Location

290B Parker Farm Road, Buxton, ME 04093
(207) 929-9149 (ph), (866) 459-5150 (fax)
Scott Nason - Director of Technology

Thursday, February 9, 2017

Network Trivia

Bruce Rozett









As a way of helping Bonny Eagle users understand the size and scope of the network that they use every day, I thought I would share some network trivia.
·      The MSAD6 network spans fourteen sites… BEHS, BEMS,  six elementary schools, Alt Ed, Transportation, Technology/Adult Ed., and Central Office.  We also have equipment at two third-party sites that are just used to route network traffic around the district.

·       MSAD6 has almost 5,700 devices connected to the network.  This includes MacBook Airs, ChromeBooks, iPads, servers, telephones, printers, security cameras, door controls for security, and some miscellaneous desktops (like kitchens, custodians, and libraries).

·       On an average day almost 9,400 devices get an address and use the network.  

·       If we issue 9,400 address and have 5,700 district-owned devices, that means there are about 3,700 personal devices using the network, like your cellphones and iPods.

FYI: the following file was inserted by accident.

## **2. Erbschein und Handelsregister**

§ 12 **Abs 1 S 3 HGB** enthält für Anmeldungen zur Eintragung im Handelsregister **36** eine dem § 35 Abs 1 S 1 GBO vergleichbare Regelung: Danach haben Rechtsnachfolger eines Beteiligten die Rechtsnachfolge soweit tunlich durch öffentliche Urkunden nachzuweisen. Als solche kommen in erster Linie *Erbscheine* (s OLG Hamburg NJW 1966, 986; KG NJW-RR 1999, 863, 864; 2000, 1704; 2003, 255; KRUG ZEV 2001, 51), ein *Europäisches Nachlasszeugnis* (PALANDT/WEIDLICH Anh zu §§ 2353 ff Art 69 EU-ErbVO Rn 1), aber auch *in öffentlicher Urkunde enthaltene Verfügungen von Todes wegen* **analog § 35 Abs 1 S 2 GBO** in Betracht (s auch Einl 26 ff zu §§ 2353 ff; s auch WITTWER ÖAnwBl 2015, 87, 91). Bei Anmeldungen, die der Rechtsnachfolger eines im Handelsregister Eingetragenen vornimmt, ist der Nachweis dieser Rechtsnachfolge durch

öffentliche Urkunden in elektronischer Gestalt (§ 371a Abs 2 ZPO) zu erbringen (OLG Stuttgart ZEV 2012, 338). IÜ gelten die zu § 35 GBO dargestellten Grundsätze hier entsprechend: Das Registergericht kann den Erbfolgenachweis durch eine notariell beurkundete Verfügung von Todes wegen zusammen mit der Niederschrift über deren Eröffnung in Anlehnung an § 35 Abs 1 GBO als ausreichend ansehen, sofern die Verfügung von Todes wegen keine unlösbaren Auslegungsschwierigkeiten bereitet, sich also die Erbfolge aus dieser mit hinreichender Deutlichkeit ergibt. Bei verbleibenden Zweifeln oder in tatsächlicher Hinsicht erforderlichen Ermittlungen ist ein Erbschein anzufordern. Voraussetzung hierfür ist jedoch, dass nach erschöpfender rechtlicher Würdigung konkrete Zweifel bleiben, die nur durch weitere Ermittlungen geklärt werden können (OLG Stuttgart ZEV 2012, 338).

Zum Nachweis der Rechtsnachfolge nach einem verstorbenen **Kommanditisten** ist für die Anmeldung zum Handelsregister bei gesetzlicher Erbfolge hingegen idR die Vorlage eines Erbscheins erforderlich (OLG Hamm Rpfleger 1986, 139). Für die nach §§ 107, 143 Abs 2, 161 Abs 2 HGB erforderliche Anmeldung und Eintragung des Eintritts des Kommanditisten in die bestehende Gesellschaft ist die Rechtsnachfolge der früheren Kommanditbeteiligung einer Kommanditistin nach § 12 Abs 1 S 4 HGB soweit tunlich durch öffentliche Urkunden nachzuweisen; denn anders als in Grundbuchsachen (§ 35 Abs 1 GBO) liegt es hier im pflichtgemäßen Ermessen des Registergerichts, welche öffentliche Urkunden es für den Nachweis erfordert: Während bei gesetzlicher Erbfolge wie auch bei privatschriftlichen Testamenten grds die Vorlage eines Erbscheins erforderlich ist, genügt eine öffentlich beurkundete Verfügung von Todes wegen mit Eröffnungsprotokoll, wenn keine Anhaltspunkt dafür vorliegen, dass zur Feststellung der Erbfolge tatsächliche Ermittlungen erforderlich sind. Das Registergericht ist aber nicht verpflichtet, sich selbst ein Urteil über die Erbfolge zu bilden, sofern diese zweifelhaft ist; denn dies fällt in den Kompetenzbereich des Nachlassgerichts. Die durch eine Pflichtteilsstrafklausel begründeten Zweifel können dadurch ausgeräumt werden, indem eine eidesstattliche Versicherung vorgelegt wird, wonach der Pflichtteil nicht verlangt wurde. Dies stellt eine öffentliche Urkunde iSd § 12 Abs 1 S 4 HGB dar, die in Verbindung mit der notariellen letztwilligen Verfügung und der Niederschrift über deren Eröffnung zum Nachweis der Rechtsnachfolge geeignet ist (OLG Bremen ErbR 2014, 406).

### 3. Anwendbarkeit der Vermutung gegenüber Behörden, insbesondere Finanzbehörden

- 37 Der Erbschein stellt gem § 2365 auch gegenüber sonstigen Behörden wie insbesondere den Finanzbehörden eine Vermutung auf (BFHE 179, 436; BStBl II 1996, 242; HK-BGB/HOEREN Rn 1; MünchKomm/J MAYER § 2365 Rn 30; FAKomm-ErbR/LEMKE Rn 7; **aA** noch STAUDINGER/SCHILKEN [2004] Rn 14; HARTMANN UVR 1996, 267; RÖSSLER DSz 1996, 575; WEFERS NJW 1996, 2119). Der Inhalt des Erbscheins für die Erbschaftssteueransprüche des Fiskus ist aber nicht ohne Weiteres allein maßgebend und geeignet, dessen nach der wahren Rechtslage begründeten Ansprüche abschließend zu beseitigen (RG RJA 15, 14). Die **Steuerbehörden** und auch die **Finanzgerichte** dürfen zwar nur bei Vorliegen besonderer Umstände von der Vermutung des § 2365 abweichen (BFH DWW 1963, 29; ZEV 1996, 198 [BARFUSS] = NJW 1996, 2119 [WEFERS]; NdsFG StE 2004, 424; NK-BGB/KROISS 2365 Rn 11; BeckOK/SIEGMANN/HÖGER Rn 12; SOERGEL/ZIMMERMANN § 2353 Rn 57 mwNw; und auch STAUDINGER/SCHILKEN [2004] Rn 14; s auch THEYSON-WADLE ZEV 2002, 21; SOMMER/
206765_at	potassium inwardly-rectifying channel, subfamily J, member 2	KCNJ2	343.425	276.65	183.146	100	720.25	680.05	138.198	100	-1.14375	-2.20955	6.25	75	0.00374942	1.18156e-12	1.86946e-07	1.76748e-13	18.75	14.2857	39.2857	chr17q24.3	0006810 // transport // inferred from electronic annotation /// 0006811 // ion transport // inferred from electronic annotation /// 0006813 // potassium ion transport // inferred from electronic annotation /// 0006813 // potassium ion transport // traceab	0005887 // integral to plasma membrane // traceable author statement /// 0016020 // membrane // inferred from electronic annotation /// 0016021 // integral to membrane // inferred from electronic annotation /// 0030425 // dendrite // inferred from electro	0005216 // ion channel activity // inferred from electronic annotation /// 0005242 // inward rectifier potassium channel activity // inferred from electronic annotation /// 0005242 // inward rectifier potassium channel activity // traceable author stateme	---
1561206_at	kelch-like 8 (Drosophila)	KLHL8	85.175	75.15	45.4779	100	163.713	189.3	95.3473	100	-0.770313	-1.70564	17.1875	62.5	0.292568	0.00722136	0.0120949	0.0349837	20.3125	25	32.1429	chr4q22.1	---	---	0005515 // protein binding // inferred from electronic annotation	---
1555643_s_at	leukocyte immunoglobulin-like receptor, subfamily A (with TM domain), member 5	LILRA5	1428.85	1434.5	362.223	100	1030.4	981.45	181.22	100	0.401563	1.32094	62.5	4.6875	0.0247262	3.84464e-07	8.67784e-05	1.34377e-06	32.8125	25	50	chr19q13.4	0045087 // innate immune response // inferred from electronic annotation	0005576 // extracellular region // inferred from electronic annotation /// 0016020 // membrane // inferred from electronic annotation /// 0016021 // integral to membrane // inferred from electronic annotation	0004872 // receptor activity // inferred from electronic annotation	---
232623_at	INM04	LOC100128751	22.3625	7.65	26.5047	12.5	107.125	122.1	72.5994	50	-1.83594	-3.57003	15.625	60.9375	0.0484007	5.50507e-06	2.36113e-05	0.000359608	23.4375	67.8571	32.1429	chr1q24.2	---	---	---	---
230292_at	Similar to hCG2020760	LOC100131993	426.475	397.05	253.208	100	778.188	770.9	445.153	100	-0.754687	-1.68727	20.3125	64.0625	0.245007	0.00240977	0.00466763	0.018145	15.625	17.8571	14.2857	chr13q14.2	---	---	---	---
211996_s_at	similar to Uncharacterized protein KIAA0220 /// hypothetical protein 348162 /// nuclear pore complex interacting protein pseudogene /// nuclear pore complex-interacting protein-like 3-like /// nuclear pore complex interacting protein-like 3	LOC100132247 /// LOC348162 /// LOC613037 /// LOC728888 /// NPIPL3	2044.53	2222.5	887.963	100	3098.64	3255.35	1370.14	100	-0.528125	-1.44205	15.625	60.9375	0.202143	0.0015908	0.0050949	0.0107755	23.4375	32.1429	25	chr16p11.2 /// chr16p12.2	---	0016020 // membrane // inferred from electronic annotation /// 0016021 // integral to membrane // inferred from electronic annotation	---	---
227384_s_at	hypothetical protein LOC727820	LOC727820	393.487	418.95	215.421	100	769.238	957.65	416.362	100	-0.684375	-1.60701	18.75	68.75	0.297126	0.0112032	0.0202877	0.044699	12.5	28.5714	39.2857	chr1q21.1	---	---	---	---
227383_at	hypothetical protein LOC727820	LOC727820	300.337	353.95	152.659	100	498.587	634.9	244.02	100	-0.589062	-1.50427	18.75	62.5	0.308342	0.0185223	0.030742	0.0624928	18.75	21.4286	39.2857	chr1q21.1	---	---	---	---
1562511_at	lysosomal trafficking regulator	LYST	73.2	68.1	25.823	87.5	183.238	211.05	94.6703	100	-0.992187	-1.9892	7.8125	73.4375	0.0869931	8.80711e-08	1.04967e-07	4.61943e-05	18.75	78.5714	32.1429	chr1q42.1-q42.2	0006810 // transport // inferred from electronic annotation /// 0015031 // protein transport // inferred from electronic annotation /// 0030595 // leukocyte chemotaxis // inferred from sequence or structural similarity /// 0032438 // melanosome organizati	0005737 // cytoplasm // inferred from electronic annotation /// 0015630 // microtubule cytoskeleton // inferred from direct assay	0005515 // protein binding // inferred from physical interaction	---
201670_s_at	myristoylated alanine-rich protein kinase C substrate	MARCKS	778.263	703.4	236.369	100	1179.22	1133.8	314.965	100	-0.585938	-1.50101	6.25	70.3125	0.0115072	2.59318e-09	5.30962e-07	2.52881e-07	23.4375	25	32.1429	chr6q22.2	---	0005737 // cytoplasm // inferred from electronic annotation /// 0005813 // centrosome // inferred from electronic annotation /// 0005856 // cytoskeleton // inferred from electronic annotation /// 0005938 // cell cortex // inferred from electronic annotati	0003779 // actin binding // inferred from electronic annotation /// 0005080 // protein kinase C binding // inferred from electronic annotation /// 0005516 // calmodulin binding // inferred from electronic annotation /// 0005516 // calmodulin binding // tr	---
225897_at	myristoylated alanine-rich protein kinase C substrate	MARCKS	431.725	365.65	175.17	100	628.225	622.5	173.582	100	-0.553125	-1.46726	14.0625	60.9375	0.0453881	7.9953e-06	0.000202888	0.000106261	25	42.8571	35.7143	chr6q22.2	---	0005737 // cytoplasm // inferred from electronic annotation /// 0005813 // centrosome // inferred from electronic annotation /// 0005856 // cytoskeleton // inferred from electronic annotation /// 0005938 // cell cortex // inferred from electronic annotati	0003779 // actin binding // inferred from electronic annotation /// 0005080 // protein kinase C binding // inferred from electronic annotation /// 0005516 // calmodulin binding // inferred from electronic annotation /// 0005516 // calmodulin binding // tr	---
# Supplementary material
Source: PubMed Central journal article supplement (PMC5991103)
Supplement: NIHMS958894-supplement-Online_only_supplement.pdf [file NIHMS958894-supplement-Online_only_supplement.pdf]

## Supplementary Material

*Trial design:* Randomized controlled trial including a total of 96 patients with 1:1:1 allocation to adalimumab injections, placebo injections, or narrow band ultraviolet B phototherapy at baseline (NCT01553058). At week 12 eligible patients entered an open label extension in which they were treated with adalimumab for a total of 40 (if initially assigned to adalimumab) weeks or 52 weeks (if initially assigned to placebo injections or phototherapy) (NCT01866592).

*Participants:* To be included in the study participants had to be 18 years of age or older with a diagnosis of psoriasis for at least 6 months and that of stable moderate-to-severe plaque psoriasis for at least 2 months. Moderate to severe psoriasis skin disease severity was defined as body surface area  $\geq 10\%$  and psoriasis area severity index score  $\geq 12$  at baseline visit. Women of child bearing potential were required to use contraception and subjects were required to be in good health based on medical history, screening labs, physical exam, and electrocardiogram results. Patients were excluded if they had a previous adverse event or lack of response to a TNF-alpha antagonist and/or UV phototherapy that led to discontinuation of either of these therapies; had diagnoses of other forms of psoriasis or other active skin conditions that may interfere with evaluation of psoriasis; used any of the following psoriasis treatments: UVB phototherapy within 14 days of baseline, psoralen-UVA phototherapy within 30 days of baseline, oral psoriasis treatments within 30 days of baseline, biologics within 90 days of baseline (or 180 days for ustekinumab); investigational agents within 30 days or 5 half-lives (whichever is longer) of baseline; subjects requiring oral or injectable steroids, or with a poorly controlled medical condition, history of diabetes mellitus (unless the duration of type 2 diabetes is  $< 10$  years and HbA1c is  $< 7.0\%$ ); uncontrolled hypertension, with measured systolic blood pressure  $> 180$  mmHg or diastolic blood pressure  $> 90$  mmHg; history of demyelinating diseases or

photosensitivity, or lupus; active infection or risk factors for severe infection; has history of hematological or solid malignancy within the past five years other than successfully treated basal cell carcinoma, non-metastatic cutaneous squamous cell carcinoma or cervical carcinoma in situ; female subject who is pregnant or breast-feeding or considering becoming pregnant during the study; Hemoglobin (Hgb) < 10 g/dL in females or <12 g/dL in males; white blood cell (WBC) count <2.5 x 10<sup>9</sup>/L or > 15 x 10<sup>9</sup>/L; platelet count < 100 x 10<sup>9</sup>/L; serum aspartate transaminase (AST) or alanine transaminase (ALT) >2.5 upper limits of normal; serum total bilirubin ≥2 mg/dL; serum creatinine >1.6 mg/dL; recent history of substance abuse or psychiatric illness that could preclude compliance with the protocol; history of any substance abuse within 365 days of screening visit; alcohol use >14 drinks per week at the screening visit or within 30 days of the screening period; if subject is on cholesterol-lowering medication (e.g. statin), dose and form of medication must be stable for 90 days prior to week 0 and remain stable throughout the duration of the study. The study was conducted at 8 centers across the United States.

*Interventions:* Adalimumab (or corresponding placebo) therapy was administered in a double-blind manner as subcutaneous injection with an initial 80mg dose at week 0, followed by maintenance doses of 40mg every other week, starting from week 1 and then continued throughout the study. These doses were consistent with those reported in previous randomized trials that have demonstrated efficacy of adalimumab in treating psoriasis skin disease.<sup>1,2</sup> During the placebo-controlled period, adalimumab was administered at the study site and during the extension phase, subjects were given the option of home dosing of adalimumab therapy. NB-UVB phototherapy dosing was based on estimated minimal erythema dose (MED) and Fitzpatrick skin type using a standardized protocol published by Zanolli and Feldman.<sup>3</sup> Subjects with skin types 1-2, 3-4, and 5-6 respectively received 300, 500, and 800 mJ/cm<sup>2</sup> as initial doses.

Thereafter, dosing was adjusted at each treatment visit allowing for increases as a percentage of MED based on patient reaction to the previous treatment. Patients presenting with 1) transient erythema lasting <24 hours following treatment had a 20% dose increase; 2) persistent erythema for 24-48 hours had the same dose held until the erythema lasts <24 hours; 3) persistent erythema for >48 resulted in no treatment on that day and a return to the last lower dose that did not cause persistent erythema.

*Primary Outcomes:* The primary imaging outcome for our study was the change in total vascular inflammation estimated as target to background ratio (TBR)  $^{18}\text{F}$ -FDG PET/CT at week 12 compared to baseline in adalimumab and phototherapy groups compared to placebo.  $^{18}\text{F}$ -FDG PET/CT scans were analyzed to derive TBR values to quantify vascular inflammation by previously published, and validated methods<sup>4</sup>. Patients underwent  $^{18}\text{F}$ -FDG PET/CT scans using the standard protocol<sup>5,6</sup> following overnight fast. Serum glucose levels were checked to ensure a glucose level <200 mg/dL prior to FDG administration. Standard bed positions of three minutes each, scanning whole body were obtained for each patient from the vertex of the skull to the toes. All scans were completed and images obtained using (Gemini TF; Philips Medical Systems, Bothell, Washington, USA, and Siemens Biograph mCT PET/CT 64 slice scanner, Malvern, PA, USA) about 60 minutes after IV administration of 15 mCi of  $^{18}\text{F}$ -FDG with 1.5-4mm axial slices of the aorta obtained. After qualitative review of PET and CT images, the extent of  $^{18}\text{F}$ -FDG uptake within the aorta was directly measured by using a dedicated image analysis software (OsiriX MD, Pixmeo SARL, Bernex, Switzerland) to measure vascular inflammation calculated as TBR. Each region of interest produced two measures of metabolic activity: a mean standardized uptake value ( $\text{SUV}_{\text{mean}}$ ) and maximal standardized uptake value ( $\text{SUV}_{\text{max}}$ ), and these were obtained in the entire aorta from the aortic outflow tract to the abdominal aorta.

·       Our connection to the Internet, located at BEMS, is 70 times faster than your average household Internet connection.  You can think of your household connection is like a soda straw and the district connection is like a large fire hose.

·       On an average day, about 60% of the Internet traffics is used by BEHS and 25% by BEMS.  All the other buildings use the final 15%.

·       While the Internet is VERY large, it is also VERY fast.  If you do a Google search from a school, on average it takes 300 one-thousandths of one second for your message to get there.

·       That Google search is actually received and forwarded by about 20 devices between MSAD6 and the Google site.

So, the next time you think that the network is slow, remember that there are an awful lot of users and devices using it all at the same time.  And once your request leaves the MSAD6 network, it needs to make a lot of hops to get to the destination.  And once it leaves our network, we have no way to see or control what happens to your message.